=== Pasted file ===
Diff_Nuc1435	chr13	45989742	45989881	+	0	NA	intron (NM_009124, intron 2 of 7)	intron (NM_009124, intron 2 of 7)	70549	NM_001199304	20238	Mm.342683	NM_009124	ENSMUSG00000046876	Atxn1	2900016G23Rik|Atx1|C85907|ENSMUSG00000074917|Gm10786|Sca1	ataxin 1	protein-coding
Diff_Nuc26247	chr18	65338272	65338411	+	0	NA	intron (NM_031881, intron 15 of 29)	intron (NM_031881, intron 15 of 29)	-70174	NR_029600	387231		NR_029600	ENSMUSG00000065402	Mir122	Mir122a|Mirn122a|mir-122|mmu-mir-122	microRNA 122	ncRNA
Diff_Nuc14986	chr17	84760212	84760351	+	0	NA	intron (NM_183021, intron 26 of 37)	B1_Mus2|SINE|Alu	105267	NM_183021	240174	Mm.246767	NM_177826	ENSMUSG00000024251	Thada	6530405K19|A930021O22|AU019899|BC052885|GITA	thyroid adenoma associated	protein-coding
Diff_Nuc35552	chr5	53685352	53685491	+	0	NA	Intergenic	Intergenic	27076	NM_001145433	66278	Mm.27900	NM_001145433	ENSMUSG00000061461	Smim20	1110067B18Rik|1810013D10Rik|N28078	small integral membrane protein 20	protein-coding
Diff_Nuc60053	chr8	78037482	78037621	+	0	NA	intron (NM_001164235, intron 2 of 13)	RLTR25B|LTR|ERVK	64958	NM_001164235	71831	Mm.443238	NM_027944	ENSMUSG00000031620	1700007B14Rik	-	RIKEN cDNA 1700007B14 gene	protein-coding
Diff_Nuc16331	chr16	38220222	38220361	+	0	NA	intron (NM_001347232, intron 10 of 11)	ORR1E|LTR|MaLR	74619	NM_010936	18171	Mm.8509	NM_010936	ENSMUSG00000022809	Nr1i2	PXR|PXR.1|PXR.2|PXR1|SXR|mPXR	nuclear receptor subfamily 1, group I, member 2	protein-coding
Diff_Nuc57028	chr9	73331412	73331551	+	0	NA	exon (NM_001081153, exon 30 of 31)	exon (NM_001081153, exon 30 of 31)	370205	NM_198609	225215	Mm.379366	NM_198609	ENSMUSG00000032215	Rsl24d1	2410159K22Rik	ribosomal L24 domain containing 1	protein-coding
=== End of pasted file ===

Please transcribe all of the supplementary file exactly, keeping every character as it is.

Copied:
Diff_Nuc1435	chr13	45989742	45989881	+	0	NA	intron (NM_009124, intron 2 of 7)	intron (NM_009124, intron 2 of 7)	70549	NM_001199304	20238	Mm.342683	NM_009124	ENSMUSG00000046876	Atxn1	2900016G23Rik|Atx1|C85907|ENSMUSG00000074917|Gm10786|Sca1	ataxin 1	protein-coding
Diff_Nuc26247	chr18	65338272	65338411	+	0	NA	intron (NM_031881, intron 15 of 29)	intron (NM_031881, intron 15 of 29)	-70174	NR_029600	387231		NR_029600	ENSMUSG00000065402	Mir122	Mir122a|Mirn122a|mir-122|mmu-mir-122	microRNA 122	ncRNA
Diff_Nuc14986	chr17	84760212	84760351	+	0	NA	intron (NM_183021, intron 26 of 37)	B1_Mus2|SINE|Alu	105267	NM_183021	240174	Mm.246767	NM_177826	ENSMUSG00000024251	Thada	6530405K19|A930021O22|AU019899|BC052885|GITA	thyroid adenoma associated	protein-coding
Diff_Nuc35552	chr5	53685352	53685491	+	0	NA	Intergenic	Intergenic	27076	NM_001145433	66278	Mm.27900	NM_001145433	ENSMUSG00000061461	Smim20	1110067B18Rik|1810013D10Rik|N28078	small integral membrane protein 20	protein-coding
Diff_Nuc60053	chr8	78037482	78037621	+	0	NA	intron (NM_001164235, intron 2 of 13)	RLTR25B|LTR|ERVK	64958	NM_001164235	71831	Mm.443238	NM_027944	ENSMUSG00000031620	1700007B14Rik	-	RIKEN cDNA 1700007B14 gene	protein-coding
Diff_Nuc16331	chr16	38220222	38220361	+	0	NA	intron (NM_001347232, intron 10 of 11)	ORR1E|LTR|MaLR	74619	NM_010936	18171	Mm.8509	NM_010936	ENSMUSG00000022809	Nr1i2	PXR|PXR.1|PXR.2|PXR1|SXR|mPXR	nuclear receptor subfamily 1, group I, member 2	protein-coding
Diff_Nuc57028	chr9	73331412	73331551	+	0	NA	exon (NM_001081153, exon 30 of 31)	exon (NM_001081153, exon 30 of 31)	370205	NM_198609	225215	Mm.379366	NM_198609	ENSMUSG00000032215	Rsl24d1	2410159K22Rik	ribosomal L24 domain containing 1	protein-coding